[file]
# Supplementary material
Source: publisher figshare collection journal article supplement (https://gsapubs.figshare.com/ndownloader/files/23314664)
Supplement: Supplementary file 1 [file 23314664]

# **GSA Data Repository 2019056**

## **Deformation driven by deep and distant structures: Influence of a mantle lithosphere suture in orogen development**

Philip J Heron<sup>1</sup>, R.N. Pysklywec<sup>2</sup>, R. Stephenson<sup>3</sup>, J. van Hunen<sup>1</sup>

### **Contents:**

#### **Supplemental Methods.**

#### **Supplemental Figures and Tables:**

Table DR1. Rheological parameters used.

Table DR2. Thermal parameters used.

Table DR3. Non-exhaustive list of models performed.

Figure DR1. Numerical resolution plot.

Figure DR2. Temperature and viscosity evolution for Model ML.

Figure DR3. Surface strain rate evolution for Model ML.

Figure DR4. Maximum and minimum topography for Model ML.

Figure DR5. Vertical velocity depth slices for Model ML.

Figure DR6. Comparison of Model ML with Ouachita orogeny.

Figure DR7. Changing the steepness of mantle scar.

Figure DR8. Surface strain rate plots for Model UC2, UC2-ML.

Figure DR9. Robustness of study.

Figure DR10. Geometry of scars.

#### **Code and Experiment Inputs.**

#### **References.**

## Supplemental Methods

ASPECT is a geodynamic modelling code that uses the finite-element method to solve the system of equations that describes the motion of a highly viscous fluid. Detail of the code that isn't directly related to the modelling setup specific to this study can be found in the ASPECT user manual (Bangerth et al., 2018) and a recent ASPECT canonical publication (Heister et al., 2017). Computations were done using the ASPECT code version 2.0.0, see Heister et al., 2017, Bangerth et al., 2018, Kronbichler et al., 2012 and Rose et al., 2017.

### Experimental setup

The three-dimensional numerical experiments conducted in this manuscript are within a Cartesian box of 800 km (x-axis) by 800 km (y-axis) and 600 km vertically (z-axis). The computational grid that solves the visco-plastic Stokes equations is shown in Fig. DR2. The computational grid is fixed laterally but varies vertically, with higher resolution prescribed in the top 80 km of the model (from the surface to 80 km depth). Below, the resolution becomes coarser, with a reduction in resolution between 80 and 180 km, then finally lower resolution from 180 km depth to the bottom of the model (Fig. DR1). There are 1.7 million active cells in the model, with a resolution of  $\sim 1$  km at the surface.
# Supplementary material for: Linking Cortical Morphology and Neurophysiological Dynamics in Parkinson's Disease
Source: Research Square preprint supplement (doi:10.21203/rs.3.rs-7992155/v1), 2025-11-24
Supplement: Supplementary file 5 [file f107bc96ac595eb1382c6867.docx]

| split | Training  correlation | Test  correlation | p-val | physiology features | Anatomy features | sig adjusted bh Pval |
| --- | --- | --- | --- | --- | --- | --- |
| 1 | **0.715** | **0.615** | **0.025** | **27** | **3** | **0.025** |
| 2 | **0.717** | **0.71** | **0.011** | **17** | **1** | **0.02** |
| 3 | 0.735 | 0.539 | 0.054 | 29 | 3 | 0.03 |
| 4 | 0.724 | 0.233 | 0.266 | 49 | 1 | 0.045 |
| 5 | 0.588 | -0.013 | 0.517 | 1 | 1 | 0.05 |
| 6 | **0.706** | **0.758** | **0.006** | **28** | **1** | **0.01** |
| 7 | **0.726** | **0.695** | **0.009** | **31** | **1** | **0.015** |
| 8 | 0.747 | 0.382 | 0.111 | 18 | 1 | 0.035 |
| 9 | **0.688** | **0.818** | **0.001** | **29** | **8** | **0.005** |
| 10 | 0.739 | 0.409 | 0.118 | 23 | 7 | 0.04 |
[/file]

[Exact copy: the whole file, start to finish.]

# Supplementary material
Source: publisher figshare collection journal article supplement (https://gsapubs.figshare.com/ndownloader/files/23314664)
Supplement: Supplementary file 1 [file 23314664]

# **GSA Data Repository 2019056**

## **Deformation driven by deep and distant structures: Influence of a mantle lithosphere suture in orogen development**

Philip J Heron<sup>1</sup>, R.N. Pysklywec<sup>2</sup>, R. Stephenson<sup>3</sup>, J. van Hunen<sup>1</sup>

### **Contents:**

#### **Supplemental Methods.**

#### **Supplemental Figures and Tables:**

Table DR1. Rheological parameters used.

Table DR2. Thermal parameters used.

Table DR3. Non-exhaustive list of models performed.

Figure DR1. Numerical resolution plot.

Figure DR2. Temperature and viscosity evolution for Model ML.

Figure DR3. Surface strain rate evolution for Model ML.

Figure DR4. Maximum and minimum topography for Model ML.

Figure DR5. Vertical velocity depth slices for Model ML.

Figure DR6. Comparison of Model ML with Ouachita orogeny.

Figure DR7. Changing the steepness of mantle scar.

Figure DR8. Surface strain rate plots for Model UC2, UC2-ML.

Figure DR9. Robustness of study.

Figure DR10. Geometry of scars.

#### **Code and Experiment Inputs.**

#### **References.**

## Supplemental Methods

ASPECT is a geodynamic modelling code that uses the finite-element method to solve the system of equations that describes the motion of a highly viscous fluid. Detail of the code that isn't directly related to the modelling setup specific to this study can be found in the ASPECT user manual (Bangerth et al., 2018) and a recent ASPECT canonical publication (Heister et al., 2017). Computations were done using the ASPECT code version 2.0.0, see Heister et al., 2017, Bangerth et al., 2018, Kronbichler et al., 2012 and Rose et al., 2017.

### Experimental setup

The three-dimensional numerical experiments conducted in this manuscript are within a Cartesian box of 800 km (x-axis) by 800 km (y-axis) and 600 km vertically (z-axis). The computational grid that solves the visco-plastic Stokes equations is shown in Fig. DR2. The computational grid is fixed laterally but varies vertically, with higher resolution prescribed in the top 80 km of the model (from the surface to 80 km depth). Below, the resolution becomes coarser, with a reduction in resolution between 80 and 180 km, then finally lower resolution from 180 km depth to the bottom of the model (Fig. DR1). There are 1.7 million active cells in the model, with a resolution of  $\sim 1$  km at the surface.
# Supplementary material for: Linking Cortical Morphology and Neurophysiological Dynamics in Parkinson's Disease
Source: Research Square preprint supplement (doi:10.21203/rs.3.rs-7992155/v1), 2025-11-24
Supplement: Supplementary file 5 [file f107bc96ac595eb1382c6867.docx]

| split | Training  correlation | Test  correlation | p-val | physiology features | Anatomy features | sig adjusted bh Pval |
| --- | --- | --- | --- | --- | --- | --- |
| 1 | **0.715** | **0.615** | **0.025** | **27** | **3** | **0.025** |
| 2 | **0.717** | **0.71** | **0.011** | **17** | **1** | **0.02** |
| 3 | 0.735 | 0.539 | 0.054 | 29 | 3 | 0.03 |
| 4 | 0.724 | 0.233 | 0.266 | 49 | 1 | 0.045 |
| 5 | 0.588 | -0.013 | 0.517 | 1 | 1 | 0.05 |
| 6 | **0.706** | **0.758** | **0.006** | **28** | **1** | **0.01** |
| 7 | **0.726** | **0.695** | **0.009** | **31** | **1** | **0.015** |
| 8 | 0.747 | 0.382 | 0.111 | 18 | 1 | 0.035 |
| 9 | **0.688** | **0.818** | **0.001** | **29** | **8** | **0.005** |
| 10 | 0.739 | 0.409 | 0.118 | 23 | 7 | 0.04 |